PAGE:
May 20, 2015 8:24 am | by American Chemical Society | News | Comments

Some major trucking companies are turning to natural gas to fuel their fleets, and to earn “green” credit among customers. But celebrating lower emissions could be premature. Researchers have found that converting heavy-duty trucks to run on natural gas could lead to negative climate impacts if steps are not taken to improve engine efficiency and reduce methane emissions from the fuel’s supply chain.

To fight bee decline, Obama proposes more land to feed bees

May 19, 2015 2:04 pm | by Seth Borenstein, AP Science Writer, Associated Press | News | Comments

A new federal plan aims to reverse America's declining honeybee and monarch butterfly populations by making millions of acres of federal land more bee-friendly, spending millions of dollars more on research and considering the use of fewer pesticides. While putting different type of landscapes along highways, federal housing projects and elsewhere may not sound like much in terms of action.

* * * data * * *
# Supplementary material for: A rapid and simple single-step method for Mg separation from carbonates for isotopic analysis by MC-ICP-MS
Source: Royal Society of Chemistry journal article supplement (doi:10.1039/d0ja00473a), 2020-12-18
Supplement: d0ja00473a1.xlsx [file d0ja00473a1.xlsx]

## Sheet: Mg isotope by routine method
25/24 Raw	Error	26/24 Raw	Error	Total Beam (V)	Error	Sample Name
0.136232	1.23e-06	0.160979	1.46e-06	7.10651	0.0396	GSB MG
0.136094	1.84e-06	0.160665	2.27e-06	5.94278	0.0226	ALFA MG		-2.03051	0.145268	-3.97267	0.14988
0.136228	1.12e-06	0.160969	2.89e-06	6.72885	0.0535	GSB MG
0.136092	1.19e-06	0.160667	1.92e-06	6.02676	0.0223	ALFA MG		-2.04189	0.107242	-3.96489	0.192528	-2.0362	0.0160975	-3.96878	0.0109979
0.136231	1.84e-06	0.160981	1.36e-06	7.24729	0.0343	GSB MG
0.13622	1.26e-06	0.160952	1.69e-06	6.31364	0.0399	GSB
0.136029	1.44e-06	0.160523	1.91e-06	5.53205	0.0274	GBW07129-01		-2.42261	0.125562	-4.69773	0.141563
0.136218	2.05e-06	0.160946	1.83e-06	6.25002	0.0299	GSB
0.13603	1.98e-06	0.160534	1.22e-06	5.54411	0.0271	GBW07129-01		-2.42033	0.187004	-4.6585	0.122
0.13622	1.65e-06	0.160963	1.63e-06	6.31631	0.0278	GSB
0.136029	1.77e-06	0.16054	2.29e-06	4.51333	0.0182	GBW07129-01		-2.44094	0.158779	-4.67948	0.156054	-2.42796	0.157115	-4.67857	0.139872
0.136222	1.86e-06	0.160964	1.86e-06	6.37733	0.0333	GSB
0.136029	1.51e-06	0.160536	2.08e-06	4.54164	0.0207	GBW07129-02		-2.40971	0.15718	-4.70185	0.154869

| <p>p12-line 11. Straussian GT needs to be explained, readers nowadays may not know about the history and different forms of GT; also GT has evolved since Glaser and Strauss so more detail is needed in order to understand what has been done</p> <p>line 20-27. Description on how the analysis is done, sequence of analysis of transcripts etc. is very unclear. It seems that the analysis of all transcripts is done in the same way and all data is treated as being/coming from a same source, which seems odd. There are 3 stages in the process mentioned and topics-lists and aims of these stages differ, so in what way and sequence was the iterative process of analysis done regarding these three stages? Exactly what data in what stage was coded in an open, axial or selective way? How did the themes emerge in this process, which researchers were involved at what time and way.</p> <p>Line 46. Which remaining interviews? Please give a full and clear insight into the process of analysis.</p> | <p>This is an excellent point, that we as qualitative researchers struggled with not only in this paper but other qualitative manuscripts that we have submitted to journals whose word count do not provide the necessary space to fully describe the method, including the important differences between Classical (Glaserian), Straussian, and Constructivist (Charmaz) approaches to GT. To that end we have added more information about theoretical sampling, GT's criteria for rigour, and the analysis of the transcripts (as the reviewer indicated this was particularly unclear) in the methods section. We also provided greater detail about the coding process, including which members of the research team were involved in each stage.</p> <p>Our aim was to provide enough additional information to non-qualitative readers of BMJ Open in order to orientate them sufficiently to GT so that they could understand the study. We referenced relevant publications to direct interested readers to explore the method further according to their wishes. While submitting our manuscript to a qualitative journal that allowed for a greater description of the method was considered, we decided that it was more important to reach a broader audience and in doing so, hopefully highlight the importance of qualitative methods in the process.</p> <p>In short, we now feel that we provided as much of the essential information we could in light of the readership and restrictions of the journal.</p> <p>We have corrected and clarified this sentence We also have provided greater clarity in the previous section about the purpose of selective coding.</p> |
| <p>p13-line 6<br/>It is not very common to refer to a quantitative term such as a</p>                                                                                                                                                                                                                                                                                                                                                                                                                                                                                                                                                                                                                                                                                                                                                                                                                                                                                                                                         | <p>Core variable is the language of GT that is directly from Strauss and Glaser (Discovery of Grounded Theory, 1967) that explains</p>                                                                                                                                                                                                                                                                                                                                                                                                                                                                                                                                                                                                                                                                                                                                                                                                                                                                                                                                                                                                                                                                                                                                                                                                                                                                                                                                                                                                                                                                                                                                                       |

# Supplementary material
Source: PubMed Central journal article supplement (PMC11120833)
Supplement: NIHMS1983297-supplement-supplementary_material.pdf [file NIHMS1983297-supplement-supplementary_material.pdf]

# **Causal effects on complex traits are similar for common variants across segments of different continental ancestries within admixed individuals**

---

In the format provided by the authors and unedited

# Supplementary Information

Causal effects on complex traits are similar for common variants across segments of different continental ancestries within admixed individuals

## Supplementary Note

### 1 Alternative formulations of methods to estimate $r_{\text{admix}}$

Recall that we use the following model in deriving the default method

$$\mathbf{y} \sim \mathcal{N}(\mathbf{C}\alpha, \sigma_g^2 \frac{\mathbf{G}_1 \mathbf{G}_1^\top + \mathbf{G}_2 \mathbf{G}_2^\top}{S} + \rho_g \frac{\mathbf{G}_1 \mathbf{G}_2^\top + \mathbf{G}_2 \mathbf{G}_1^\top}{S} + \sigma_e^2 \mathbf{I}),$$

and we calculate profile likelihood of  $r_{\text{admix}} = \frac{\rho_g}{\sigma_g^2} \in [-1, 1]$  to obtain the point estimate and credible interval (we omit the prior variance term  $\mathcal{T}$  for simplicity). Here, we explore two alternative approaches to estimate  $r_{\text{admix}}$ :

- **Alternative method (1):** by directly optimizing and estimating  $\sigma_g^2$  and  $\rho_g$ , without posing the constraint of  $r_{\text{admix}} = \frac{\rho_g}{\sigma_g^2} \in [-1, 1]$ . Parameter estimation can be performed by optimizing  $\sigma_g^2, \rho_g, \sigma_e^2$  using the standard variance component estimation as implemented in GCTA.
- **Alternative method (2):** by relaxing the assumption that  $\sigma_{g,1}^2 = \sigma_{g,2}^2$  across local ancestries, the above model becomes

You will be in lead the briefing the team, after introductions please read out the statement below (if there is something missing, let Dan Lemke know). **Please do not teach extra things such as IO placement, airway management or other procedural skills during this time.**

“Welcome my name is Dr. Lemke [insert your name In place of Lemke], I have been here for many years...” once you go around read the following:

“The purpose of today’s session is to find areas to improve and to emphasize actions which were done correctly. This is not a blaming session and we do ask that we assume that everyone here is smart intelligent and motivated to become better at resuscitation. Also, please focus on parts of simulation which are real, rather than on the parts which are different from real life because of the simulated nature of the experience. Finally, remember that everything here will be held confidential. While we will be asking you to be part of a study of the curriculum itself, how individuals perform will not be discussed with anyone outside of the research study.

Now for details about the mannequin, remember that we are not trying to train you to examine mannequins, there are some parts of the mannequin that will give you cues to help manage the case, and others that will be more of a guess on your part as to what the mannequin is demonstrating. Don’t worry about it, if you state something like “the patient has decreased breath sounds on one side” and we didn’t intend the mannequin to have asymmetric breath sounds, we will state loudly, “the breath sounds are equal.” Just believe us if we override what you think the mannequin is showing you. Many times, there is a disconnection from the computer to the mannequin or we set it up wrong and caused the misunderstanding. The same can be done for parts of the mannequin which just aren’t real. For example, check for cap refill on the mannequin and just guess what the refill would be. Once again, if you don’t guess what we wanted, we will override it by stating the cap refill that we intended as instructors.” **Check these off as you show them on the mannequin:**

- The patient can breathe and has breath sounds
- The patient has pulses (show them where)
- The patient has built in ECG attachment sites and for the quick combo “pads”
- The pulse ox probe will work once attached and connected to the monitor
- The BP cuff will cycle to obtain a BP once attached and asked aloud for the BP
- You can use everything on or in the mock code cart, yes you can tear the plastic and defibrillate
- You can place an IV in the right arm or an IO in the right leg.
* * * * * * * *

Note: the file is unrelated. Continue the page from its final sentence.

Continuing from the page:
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Study backs seaweed’s carbon capture potential

May 19, 2015 8:30 am | by Univ. of Technology, Sydney | News | Comments

There are great hopes for the potential of coastal plants and seaweeds to store carbon and help counter the effects of climate change and a new study is backing that potential. Scientists have carried out the first investigation of how a diverse range of coastal plants and seaweed can contribute to "blue carbon" stocks, the carbon in leaves, sediments and roots that's naturally captured, or sequestered, by plants in coastal habitats.